September 17, 2023

EPIRB: Essential Guide to Maritime Distress Beacons

An Emergency Position Indicating Radio Beacon (EPIRB) is an essential safety device for both commercial and recreational marine vessels. In the event of an emergency, such as a ship sinking or medical incident onboard, EPIRBs transmit distress signals to alert search and rescue teams to the vessel's position and facilitate a swift response. EPIRBs are designed to provide a lifeline by sending out location data via satellite networks when activated, ensuring the chances of a successful rescue operation are maximized.

With the primary goal of saving lives in maritime emergencies, EPIRBs have become a crucial piece of equipment for boaters worldwide. These devices are designed to withstand harsh conditions and are built to float free from a sinking vessel or be activated manually. Upon activation, an EPIRB sends out a distress signal that includes the vessel's unique identification number, the nature of the distress, the emergency contact information, and the precise location of the beacon. These signals are crucial for coordinating search and rescue operations, as they provide valuable information to first responders.

Key Takeaways

  • EPIRBs are vital safety devices for marine vessels, transmitting distress signals during emergencies.
  • Upon activation, an EPIRB sends crucial information to aid search and rescue teams.
  • Proper EPIRB registration and maintenance are essential to ensure effectiveness during emergencies.

Emergency position-indicating radiobeacon

Understanding EPIRBs

Basics of EPIRB

Emergency Position Indicating Radio Beacons, or EPIRBs, are essential devices for emergency situations at sea. EPIRBs alert search and rescue services (SAR) by transmitting a signal on a specified frequency, helping to locate lifeboats, life rafts, ships, or individuals in distress [source]. These beacons provide worldwide coverage, accurate position location, a reliable transmitted signal, an encoded message identifying the distressed vessel, and a faster response time [source]. EPIRBs commonly operate on two frequencies: 406 MHz and 121.5 MHz.

The 406 MHz frequency is specifically used by the COSPAS/SARSAT system of polar orbiting satellites, ensuring prompt and efficient global coverage. On the other hand, the 121.5 MHz frequency is utilized for final homing and location purposes by search and rescue crews, giving rescuers precise coordinates for rapid assistance [source].

Types of EPIRBs: Category I and II

EPIRBs are available in two main types, Category I and Category II:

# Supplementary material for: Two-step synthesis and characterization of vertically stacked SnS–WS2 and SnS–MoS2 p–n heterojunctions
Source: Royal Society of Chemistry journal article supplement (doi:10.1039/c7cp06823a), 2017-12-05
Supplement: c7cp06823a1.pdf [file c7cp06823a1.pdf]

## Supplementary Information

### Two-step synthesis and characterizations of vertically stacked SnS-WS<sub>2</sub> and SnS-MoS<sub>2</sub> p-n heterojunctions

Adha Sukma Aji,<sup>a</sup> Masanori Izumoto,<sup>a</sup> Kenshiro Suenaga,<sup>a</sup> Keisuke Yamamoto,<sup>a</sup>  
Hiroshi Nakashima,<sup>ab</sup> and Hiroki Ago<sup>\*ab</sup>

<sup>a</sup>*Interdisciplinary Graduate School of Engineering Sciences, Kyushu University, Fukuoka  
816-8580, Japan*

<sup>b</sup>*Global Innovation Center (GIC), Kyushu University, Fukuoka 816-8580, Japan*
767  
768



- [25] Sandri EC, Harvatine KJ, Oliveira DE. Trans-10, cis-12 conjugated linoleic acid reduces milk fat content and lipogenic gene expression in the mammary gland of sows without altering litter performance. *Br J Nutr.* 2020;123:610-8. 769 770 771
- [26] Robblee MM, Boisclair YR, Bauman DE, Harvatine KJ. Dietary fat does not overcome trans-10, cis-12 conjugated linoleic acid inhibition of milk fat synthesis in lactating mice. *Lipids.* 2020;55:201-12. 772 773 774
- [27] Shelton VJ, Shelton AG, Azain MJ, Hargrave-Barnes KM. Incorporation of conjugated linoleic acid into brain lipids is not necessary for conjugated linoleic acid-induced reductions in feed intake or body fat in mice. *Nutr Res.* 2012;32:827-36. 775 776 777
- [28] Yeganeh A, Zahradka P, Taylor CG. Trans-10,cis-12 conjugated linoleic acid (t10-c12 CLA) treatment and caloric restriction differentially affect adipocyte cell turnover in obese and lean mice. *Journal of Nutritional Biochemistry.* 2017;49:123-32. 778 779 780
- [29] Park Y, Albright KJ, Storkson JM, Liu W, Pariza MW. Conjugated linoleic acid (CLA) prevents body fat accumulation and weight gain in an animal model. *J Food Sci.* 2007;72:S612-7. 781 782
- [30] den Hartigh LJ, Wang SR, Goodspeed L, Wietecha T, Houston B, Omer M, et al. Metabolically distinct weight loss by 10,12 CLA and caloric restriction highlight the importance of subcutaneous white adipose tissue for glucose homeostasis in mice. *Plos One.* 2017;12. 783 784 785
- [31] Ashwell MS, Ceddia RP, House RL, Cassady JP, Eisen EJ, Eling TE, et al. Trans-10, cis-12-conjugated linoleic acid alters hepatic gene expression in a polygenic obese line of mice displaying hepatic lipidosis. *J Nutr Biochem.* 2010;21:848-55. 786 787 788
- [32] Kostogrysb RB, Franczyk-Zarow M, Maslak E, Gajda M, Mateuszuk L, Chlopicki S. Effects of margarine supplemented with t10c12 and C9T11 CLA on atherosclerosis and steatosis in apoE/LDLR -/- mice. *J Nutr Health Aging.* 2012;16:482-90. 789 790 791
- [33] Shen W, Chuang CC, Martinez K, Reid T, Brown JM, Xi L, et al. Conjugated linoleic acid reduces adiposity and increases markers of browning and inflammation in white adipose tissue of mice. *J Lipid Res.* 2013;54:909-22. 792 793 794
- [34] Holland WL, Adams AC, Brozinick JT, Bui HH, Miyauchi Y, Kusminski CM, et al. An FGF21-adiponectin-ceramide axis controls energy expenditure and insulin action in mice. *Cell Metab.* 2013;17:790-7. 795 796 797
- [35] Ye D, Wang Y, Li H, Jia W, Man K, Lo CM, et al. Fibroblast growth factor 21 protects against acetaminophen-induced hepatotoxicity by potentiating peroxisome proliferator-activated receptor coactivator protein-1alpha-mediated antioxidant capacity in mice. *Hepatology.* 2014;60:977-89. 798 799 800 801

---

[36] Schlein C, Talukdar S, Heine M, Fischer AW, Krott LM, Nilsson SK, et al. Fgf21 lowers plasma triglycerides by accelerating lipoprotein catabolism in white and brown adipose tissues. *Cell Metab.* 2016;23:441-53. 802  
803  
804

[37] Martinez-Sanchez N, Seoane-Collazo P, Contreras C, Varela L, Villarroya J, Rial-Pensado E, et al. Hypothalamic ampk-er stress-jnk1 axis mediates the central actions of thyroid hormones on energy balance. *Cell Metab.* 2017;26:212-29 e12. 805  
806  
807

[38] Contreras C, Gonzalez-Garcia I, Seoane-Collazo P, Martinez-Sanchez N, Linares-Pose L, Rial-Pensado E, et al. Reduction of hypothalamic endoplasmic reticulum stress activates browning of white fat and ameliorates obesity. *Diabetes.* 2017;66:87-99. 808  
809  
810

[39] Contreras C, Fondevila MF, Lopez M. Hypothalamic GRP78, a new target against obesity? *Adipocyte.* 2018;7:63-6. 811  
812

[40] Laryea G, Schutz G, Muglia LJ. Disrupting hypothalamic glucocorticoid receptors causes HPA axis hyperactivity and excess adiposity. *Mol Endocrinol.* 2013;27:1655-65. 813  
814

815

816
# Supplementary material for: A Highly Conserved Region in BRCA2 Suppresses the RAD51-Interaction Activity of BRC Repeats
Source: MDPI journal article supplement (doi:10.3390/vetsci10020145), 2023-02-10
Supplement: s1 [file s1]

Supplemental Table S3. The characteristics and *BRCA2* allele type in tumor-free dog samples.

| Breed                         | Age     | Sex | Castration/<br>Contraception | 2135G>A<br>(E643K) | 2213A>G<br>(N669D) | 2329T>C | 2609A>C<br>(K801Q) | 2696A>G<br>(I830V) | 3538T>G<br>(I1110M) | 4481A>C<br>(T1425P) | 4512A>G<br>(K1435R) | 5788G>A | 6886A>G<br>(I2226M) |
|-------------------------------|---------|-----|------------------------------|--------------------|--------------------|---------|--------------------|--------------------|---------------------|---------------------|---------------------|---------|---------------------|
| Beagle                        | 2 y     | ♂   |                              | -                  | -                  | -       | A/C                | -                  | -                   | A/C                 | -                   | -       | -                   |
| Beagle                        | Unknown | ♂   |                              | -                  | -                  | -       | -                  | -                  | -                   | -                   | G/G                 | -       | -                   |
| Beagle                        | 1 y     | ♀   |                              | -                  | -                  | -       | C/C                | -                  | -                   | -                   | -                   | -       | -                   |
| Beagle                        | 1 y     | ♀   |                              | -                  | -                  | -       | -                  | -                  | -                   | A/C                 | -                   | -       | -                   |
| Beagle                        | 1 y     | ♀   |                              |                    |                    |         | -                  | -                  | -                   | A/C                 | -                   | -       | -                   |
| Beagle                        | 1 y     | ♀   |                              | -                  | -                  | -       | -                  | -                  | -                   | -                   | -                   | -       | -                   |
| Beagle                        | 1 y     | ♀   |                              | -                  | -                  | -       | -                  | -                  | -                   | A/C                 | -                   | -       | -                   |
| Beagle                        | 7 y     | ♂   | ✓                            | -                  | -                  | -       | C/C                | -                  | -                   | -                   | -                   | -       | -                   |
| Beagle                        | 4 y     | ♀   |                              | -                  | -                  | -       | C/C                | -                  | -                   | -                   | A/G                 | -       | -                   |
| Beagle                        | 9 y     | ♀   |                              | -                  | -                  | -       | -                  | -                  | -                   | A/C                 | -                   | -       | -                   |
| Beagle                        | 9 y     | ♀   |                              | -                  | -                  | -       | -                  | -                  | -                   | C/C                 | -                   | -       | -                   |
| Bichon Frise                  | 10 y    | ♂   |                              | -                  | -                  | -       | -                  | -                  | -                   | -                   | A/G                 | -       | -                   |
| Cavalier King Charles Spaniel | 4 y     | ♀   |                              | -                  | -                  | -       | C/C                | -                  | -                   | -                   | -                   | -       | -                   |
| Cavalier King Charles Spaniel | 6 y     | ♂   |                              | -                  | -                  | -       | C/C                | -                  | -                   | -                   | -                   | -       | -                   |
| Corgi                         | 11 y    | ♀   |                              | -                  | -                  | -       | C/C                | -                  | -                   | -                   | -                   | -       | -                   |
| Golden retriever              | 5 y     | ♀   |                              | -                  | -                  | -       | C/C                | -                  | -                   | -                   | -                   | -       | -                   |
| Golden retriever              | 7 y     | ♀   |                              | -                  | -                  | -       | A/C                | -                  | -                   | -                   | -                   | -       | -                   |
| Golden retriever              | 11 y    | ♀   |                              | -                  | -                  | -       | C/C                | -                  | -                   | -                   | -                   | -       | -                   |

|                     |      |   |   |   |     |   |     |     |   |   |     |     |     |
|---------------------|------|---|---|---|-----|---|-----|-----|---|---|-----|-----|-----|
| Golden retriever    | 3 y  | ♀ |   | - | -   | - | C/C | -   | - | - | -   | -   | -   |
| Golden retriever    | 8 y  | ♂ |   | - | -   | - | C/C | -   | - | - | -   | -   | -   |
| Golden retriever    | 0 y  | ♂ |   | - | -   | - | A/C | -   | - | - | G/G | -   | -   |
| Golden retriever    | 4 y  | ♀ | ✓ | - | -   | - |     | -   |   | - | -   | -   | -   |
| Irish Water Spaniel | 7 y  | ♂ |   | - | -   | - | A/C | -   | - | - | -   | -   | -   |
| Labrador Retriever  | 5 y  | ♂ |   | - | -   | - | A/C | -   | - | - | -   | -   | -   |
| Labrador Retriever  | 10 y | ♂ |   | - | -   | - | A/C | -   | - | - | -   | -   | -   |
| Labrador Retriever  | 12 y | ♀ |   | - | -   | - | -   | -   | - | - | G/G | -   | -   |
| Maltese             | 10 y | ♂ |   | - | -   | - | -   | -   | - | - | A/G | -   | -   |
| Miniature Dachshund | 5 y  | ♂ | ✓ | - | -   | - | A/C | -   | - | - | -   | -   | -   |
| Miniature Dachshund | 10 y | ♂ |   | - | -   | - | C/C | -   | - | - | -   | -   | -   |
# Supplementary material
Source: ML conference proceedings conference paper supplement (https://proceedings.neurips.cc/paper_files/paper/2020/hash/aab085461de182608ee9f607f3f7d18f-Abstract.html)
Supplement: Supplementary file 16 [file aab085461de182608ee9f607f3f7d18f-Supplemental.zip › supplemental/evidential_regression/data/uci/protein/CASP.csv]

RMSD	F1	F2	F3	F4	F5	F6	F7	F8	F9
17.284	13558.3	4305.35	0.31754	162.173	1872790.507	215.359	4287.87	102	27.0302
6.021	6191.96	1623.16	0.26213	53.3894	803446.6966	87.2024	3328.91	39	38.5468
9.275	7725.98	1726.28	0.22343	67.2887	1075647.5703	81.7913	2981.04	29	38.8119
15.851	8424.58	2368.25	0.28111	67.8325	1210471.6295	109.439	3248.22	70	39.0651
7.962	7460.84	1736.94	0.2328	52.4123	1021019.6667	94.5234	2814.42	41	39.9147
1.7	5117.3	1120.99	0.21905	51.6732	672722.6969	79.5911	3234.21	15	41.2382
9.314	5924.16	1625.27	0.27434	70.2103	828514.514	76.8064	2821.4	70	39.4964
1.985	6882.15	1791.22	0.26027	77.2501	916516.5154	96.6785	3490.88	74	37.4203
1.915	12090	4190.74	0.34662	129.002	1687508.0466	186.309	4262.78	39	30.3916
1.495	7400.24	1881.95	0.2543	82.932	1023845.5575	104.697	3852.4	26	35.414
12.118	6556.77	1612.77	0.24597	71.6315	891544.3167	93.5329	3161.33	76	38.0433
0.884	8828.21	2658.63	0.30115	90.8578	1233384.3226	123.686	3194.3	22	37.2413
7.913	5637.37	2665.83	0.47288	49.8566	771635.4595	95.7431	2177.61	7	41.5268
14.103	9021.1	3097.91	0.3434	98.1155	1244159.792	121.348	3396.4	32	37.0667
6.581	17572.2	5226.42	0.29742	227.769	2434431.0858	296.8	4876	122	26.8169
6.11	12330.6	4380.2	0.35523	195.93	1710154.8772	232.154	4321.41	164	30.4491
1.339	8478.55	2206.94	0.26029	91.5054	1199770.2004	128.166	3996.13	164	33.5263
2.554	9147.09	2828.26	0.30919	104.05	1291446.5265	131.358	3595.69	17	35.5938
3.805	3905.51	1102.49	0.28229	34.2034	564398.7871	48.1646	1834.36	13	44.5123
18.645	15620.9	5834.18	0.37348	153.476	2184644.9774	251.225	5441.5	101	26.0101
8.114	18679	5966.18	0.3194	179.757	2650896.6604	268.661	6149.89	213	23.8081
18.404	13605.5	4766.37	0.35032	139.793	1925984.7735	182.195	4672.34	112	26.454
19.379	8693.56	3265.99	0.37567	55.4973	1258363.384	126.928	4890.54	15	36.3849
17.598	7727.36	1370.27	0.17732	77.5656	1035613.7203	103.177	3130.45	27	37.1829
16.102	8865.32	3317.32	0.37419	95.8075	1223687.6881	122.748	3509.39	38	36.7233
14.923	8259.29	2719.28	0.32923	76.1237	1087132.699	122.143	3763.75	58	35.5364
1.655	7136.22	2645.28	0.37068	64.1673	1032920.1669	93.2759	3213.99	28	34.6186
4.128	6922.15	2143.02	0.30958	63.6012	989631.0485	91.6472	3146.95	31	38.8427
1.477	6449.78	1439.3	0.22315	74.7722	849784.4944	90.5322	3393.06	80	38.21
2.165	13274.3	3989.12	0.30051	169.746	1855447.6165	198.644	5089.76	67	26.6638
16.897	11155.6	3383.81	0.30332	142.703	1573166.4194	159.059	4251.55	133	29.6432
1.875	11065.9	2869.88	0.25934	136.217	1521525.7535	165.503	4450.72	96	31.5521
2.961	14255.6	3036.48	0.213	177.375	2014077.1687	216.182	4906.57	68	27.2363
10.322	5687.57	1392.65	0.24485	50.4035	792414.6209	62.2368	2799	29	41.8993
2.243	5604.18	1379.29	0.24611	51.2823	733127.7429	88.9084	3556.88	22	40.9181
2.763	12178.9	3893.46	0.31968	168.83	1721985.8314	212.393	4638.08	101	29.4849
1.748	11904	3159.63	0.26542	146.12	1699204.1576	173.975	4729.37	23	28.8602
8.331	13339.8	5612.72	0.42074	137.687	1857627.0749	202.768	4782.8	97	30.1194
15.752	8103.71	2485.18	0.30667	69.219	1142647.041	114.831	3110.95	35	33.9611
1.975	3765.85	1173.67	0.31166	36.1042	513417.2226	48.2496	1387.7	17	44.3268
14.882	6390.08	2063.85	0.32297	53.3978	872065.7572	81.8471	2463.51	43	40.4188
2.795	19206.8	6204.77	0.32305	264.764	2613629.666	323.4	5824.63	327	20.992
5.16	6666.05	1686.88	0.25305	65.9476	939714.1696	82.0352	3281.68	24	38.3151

• Category I EPIRBs are float-free and automatically activated devices [source]. They are designed to release from their housing and activate upon contact with water, ensuring they relay distress signals even if the vessel crew is unable to manually activate them.
  • Category II EPIRBs are manually activated beacons that require the user to remove the device from its bracket and switch it on in case of an emergency.

Both Category I and Category II EPIRBs have the vital function of alerting SAR services to the location of a vessel in distress, helping to save lives during maritime emergencies.

Distress Signal Mechanism

Doppler Shift and GPS Receiver

Emergency Position Indicating Radio Beacons (EPIRB) are designed to send distress signals during emergencies at sea. Activated either manually or automatically when submerged in water, EPIRBs transmit signals at a frequency of 406 MHz, which is recognized internationally for search and rescue efforts source.

EPIRBs use a combination of Doppler shift and GPS technology to determine their location. When a distress signal is transmitted, it is picked up by earth-orbiting satellites which use the Doppler shift effect to calculate the beacon's position. Some EPIRBs are also equipped with GPS receivers that provide accurate location data to further enhance the search and rescue mission source.

Distress Alerting and Return Link Service

In addition to the initial distress signal, EPIRBs also transmit a digitally coded message that includes unique information about the vessel in distress, such as its identification number, type of emergency, and contact information for the owner source.

Once the distress signal and associated data are received by satellites, the information is forwarded to a ground station for verification. After verification, the ground station notifies a central command responsible for search and rescue operations, such as the Mission Control Center (MCC) source.

The Return Link Service is a supplementary feature that allows the central command to send a confirmation message back to the EPIRB, acknowledging that the distress alert has been received and help is on the way source. This additional communication provides reassurance to those in distress and allows rescuers to keep them informed throughout the search and rescue process.

Overall, the distress signal mechanism of EPIRBs, along with satellite systems and return link services, helps facilitate quick and precise response to emergencies at sea, saving lives and property.

Search and Rescue Operations

Role of U.S. Coast Guard

The U.S. Coast Guard plays a vital role in search and rescue (SAR) operations involving EPIRBs (Emergency Position Indicating Radio Beacons). When an EPIRB is activated, its signal is detected by earth-orbiting satellites and forwarded to a ground station for verification. The ground station then notifies the central command (MCC) to initiate search and rescue. The MCC coordinates with the U.S. Coast Guard or the Air Force Rescue Coordination Center (RCC) nearest to the boater's location, ensuring a timely and effective response to distress signals 1.

During SAR operations, the U.S. Coast Guard employs various assets, such as:

  • Vessels
  • Helicopters
  • Airplanes

These assets, together with highly trained personnel, contribute to the successful execution of search and rescue missions, potentially saving lives and protecting people in distress 2.

Worldwide Coverage and COSPAS-SARSAT Program

EPIRBs benefit from the coverage and support provided by the international COSPAS-SARSAT program. This program is a satellite-based search and rescue system consisting of several countries collaborating and providing global SAR services. The COSPAS-SARSAT program has been saving lives since 1982, with over 50,000 people worldwide rescued thanks to carrying a 406 beacon as part of their survival gear 3.